Knight writes the gang started as a homegrown rebellion against a Detroit gang that moved into Columbia Point in the early 1980s. In 1988, the leader of that gang was stabbed to death, and local drug runners took over. When the BHA hired a private company to gut the project - which had become so violent firefighters refused to answer calls there without a police escort - and turn it into the mixed-income Harbor Point, Dawgs just moved elsewhere, in particular to the Lenox Street project in Roxbury and Morton Street and Clarkwood Street in Mattapan.
With a base on Lenox Street, Knight writes, the gang decided to set up a drug-sales base in nearby Ramsay Park. Only problem: Ramsay Park was the turf of the existing Lenox Street Gang. The answer: Shoot and kill the Lenox Street gang out of existence - a strategy that worked, although not without some CPD casualties. The gang repeated the pattern across the city - at one point starting a firefight on Blue Hill Avenue in Mattapan that continued even after the police arrived.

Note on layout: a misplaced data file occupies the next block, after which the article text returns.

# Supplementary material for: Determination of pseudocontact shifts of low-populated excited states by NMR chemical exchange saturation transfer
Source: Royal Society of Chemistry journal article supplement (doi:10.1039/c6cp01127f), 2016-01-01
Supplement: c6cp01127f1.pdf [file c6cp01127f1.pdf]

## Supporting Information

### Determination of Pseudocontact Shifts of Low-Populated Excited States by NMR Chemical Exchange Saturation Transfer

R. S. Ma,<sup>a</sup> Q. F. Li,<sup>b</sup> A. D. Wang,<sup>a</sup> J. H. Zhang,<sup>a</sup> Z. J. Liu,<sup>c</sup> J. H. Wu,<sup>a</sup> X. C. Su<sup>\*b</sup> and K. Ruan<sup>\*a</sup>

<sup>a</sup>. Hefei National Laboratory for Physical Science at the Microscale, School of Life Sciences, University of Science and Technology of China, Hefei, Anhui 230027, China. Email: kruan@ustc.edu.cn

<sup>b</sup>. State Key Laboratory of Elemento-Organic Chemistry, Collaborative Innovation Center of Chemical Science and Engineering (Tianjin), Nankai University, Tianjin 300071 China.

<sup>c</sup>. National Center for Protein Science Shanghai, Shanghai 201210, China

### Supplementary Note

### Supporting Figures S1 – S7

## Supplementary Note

As with Ramsay Park, the gang did suffer losses: In 1995, rival gang members opened fire on CPD member Steven Sealey, killing him as he sat in singer Bobby Brown's Bentley. In 2011, a rival gang kidnapped a gang leader and held him for ransom of $100,000 - he managed to escape the basement room in which he was held.
Still, the gang prospered, sometimes by teaming up with other gangs, to the point where it controlled opioid distribution in large swaths of the city as it coalesced under crews led by members of four families - Williams, Woods, Berry and Funches. At its peak, gang members were bringing in and selling "multi-kilogram quantities of heroin, cocaine and crack, as well as thousands of oxycodone pills," the affidavit says.